An independent study of 57 such programs showed that only four demonstrated any real success in changing the way kids eat or any promise as a weapon against the growing epidemic of childhood obesity.
No difference in the amount of fruits and vegetables eaten by kids participating in the program and those who weren't. Teachers who spent more hours on nutrition education had no greater impact than those who didn't. And parent behavior didn't change either.
Kids don't change because they've been eating it for so long they're just accustomed to eating that way.
The federal pilot program which offered fruits and vegetables to the children in school was unsuccessful because the children refused to eat them. They didn't like its taste. They still went for chips and soda or unhealthy junk food.
One expert acknowledges that the forces that cause obesity are "hard to fight with just a program in school. "Federal nutrition programs aside, experts agree that parents have the greatest influence over what their children will eat.
Doctor Robert Trevino of the Social and Health Research Center in San Antonio says that if parents don't teach their kids' good eating habits before puberty, the challenge to get them to eat healthier as teenagers will be much harder.
Poorer kids are especially at risk, because unhealthy food is cheaper and more easily available than healthy food. Parents are often working, leaving children unsupervised to get their own snacks. Low-income neighborhoods have fewer good supermarkets with fresh produce.
Meanwhile, it's harder for children to exercise on their own. Parks often aren't safe and sports teams cost money.
Children between 8 and 12 see an average of 21 television ads each day for candy, snacks, cereal and fast food — more than 7,600 a year, according to a recent Kaiser Family Foundation study. Not one of the 8,854 ads reviewed promoted fruits or vegetables.
The study results come amid reports that the government will fork out over a billion dollars this year to help insure that Americans eat properly. One would just have to take a look at the figures associated with the American population and associated obesity rates. More than 60% of people in the US are either overweight or obese, which is more like a slap to the face of the government who might as well be throwing doughnuts down the drain instead of tax payer's dollars.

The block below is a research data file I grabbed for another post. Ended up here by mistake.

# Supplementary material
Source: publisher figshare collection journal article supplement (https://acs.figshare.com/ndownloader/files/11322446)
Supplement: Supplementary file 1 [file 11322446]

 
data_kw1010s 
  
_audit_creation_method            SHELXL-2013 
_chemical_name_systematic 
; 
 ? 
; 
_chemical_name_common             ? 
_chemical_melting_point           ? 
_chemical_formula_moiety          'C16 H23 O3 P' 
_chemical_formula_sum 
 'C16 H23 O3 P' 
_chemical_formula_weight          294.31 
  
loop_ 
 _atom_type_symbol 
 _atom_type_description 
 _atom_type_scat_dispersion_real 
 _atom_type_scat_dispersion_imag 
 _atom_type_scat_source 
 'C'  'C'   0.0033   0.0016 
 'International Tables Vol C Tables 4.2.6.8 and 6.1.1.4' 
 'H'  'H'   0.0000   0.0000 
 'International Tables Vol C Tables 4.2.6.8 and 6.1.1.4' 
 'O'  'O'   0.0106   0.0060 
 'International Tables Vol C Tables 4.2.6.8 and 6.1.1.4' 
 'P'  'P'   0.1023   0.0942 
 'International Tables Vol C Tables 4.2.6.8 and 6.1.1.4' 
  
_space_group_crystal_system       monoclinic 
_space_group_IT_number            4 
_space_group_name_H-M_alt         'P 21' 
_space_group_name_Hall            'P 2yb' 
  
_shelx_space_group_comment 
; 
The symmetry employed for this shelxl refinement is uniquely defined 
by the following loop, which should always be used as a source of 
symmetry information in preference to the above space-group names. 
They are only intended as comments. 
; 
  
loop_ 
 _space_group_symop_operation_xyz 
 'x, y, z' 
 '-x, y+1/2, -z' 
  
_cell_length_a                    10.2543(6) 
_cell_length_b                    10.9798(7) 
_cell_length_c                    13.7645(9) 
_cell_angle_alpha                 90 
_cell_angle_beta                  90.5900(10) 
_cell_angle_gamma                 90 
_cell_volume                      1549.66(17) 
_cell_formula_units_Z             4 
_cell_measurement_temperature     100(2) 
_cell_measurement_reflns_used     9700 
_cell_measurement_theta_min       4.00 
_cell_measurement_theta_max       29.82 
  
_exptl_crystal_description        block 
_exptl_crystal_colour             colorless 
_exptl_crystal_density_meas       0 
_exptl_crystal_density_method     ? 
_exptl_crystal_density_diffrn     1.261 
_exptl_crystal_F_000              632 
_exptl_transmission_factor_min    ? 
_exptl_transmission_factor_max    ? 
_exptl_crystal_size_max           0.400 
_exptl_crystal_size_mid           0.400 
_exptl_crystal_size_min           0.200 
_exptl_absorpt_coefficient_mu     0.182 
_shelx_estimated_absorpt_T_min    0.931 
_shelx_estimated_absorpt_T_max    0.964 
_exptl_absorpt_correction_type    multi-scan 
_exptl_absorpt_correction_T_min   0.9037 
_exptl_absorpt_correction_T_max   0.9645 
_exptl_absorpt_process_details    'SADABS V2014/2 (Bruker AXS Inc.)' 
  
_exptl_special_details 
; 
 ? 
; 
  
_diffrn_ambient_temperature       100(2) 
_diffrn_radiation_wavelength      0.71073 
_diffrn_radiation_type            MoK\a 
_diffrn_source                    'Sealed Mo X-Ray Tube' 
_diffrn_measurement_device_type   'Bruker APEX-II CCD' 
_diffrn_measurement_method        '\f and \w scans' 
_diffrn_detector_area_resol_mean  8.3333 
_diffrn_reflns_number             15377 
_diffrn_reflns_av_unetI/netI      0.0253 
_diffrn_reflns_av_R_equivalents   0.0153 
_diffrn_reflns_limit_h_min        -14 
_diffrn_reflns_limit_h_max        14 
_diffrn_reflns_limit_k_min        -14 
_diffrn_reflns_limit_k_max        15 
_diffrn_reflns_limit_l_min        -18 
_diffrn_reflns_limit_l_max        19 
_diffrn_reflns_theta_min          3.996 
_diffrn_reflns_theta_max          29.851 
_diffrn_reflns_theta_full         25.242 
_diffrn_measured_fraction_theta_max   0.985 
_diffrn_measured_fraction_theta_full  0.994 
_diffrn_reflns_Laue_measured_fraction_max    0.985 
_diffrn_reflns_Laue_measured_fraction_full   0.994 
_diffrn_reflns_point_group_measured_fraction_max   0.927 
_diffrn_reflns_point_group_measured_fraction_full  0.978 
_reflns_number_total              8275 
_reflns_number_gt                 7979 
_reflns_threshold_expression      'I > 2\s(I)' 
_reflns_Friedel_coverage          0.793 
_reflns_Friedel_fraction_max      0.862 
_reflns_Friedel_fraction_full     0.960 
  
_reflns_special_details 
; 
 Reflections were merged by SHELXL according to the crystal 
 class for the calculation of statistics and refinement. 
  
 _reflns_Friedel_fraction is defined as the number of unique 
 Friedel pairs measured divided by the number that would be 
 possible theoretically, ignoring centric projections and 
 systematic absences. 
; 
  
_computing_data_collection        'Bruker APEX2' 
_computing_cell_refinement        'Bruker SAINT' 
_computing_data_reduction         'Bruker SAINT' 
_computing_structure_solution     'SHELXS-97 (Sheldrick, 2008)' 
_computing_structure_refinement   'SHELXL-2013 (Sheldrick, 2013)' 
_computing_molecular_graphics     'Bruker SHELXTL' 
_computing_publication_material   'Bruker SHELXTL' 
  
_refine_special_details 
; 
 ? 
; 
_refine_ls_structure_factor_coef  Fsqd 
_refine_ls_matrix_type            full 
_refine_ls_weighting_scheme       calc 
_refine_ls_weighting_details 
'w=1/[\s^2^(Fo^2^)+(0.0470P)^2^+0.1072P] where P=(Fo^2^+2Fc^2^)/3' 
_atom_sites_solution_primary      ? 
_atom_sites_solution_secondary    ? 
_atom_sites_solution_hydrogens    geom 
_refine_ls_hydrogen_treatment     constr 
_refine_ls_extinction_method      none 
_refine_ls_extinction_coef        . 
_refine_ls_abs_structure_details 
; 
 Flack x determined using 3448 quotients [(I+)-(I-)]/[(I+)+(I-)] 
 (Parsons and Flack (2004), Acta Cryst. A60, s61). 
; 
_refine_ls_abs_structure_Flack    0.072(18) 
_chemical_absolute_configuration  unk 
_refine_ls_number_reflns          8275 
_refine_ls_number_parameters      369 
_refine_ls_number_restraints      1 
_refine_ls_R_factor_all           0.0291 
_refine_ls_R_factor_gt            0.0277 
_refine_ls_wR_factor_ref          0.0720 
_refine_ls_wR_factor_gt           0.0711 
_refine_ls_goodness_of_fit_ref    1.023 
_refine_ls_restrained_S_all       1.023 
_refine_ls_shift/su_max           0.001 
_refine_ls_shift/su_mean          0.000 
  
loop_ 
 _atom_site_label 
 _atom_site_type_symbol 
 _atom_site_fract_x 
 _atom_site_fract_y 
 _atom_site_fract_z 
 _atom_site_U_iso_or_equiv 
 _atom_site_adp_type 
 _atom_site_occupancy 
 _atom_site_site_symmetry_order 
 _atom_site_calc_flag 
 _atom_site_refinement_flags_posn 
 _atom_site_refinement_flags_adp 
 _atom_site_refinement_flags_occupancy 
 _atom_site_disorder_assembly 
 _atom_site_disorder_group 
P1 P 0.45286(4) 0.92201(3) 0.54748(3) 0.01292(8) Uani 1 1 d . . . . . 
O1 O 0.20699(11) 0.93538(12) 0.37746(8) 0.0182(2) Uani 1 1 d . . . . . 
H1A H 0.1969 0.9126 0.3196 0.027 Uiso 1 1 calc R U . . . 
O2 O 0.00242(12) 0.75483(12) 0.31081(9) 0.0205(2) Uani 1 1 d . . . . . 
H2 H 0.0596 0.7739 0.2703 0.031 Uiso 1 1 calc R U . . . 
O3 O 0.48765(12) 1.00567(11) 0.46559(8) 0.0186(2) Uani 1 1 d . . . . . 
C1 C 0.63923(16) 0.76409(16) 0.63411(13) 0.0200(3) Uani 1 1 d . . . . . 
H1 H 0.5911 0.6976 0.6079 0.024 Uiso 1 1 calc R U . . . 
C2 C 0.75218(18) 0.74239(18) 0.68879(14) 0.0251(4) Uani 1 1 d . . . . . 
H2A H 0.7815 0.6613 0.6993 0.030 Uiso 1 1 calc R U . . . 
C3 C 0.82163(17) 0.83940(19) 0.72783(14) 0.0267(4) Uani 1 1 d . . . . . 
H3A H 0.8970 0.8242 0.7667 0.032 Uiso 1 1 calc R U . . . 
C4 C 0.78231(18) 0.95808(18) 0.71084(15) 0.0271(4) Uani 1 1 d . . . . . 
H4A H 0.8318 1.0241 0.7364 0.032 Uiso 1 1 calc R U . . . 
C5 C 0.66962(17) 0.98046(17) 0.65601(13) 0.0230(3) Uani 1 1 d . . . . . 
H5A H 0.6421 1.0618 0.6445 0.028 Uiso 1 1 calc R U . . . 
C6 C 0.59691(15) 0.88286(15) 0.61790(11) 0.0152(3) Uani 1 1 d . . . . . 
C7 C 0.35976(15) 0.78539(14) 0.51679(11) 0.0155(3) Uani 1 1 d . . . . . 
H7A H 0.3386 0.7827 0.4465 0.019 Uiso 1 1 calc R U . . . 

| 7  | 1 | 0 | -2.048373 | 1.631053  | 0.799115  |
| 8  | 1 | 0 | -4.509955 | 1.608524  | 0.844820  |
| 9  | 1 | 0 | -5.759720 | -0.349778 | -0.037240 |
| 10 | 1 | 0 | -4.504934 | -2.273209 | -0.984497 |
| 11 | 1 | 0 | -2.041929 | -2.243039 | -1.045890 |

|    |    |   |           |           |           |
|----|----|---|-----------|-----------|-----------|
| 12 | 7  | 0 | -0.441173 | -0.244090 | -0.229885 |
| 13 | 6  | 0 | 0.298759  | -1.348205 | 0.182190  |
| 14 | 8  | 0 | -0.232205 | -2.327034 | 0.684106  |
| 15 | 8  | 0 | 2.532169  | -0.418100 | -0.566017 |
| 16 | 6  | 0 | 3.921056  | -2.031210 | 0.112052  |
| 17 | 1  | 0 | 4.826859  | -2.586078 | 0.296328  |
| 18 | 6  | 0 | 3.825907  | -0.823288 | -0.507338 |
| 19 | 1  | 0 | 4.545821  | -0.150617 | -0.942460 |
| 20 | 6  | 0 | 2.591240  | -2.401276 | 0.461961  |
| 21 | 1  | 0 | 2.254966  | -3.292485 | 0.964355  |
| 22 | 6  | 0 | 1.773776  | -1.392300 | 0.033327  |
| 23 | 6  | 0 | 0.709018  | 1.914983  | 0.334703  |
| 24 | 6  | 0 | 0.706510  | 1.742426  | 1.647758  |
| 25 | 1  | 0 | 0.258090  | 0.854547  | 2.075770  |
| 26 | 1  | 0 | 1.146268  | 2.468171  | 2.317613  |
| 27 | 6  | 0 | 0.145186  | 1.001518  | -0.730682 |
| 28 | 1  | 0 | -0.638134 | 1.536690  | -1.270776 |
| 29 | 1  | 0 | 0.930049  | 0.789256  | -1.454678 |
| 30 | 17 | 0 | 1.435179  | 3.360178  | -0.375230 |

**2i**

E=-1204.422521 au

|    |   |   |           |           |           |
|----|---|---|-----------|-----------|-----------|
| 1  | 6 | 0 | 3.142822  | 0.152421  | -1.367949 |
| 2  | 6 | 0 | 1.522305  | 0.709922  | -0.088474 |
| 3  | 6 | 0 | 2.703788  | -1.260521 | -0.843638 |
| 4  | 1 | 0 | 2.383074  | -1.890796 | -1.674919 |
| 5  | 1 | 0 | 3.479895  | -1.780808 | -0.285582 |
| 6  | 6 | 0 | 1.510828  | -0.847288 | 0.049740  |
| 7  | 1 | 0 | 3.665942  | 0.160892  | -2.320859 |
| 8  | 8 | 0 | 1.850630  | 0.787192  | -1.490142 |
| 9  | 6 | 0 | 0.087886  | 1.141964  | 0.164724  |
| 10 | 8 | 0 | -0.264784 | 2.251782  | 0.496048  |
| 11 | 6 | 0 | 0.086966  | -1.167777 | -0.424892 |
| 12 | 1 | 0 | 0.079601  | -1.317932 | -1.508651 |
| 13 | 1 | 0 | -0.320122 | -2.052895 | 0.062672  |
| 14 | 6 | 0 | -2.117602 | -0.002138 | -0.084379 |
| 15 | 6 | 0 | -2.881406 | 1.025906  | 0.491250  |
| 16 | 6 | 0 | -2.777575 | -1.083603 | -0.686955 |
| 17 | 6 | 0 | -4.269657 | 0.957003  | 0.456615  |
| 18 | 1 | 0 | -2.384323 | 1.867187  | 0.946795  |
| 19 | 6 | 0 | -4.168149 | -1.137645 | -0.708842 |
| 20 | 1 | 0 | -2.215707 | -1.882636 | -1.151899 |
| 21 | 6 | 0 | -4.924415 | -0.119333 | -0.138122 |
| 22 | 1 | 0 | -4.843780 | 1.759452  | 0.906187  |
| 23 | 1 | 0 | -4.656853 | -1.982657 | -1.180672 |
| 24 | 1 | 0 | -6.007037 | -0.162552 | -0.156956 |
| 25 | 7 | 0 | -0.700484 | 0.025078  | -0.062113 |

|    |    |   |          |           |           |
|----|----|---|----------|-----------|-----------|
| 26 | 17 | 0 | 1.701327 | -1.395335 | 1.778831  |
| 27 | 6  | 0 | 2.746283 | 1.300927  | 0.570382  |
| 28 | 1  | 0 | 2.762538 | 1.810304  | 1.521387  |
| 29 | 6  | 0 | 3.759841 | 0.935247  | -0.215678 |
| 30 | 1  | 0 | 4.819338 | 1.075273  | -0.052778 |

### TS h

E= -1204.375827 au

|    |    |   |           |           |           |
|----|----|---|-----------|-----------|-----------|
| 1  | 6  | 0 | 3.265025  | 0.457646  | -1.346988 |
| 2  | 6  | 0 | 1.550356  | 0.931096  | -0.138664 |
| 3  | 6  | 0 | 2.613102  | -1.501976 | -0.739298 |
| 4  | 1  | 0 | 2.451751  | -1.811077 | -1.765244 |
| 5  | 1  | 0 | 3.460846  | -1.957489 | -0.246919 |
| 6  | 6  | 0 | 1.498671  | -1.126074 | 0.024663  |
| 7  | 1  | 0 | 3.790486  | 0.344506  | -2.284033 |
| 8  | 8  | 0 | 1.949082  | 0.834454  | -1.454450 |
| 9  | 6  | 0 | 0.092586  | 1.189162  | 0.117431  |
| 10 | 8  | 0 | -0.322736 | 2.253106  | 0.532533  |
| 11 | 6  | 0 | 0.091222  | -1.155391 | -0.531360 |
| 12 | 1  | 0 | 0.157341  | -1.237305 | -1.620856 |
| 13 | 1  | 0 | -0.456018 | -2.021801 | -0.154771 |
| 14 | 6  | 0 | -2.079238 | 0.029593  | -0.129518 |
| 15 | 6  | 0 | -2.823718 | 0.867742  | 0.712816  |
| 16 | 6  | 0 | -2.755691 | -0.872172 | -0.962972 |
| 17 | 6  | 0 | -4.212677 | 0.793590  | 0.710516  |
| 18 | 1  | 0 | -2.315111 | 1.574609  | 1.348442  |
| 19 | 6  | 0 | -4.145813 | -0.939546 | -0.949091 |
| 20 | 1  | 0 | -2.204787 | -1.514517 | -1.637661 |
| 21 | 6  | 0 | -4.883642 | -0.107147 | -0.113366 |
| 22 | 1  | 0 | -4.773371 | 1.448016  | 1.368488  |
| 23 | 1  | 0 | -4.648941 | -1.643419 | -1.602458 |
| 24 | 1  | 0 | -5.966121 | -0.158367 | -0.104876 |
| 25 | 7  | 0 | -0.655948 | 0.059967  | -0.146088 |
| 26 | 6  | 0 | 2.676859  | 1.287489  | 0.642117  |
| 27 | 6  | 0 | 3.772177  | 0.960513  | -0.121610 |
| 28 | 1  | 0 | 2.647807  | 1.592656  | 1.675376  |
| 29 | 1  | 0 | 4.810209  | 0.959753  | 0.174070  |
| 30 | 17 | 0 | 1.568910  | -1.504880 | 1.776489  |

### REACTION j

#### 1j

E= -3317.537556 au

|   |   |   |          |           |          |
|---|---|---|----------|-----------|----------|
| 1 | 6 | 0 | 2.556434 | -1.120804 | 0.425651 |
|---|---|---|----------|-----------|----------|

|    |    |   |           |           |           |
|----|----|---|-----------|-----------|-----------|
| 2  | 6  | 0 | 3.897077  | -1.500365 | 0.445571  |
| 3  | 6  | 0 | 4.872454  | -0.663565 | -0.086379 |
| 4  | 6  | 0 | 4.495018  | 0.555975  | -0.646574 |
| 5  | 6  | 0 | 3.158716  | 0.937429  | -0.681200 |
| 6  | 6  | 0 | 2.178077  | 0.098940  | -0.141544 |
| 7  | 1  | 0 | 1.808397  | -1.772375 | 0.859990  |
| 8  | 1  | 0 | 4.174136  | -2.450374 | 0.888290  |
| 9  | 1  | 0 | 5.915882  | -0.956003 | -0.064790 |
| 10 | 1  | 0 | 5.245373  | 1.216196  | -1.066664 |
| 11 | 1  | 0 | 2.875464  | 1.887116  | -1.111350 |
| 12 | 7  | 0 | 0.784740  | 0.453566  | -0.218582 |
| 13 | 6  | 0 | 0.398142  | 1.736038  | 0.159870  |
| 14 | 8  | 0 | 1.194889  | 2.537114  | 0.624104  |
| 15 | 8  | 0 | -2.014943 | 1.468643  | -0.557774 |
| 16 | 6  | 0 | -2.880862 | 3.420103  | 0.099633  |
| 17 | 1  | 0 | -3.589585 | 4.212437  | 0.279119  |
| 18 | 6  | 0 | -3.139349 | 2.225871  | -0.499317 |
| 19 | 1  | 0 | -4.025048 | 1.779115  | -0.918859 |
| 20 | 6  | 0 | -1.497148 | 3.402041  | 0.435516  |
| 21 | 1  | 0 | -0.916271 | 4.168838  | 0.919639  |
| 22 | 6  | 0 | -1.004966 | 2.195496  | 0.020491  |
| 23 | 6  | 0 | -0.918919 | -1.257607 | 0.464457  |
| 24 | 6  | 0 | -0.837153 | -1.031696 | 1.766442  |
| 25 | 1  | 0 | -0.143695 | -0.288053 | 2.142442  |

According to the Centers for Disease Control, nationally obesity rates since the 1970s have nearly quintupled among kids ages six to eleven. Among even younger children, ages two to five, the rate has tripled.
However, the review also holds out a promise. It says that there may be a solutions found in limited studies currently being tested around the country. In some situations, obese and overweight children can lose weight and get healthy through rigorous hospital and clinic-based interventions that involve regular check-ins, family involvement, scheduled exercise and nutrition education.
School programs that increase physical activity are also more likely to have an impact than nutrition education.
"It's true, it didn't change what they actually eat. But the program really made a difference in how kids were feeling about fruits and vegetables. They really had a more positive attitude toward fruits and vegetables," said Dr. Mike Prelip, a UCLA researcher who headed the evaluation team.
This spring the Robert Wood Johnson Foundation announced plans to spend $500 million over the next five years to reverse the trend of childhood obesity. It will fund programs that bring supermarkets into poor neighborhoods, studies that measure the weight of children who exercise more at school and meetings of advocates who seek to restrict junk food ads.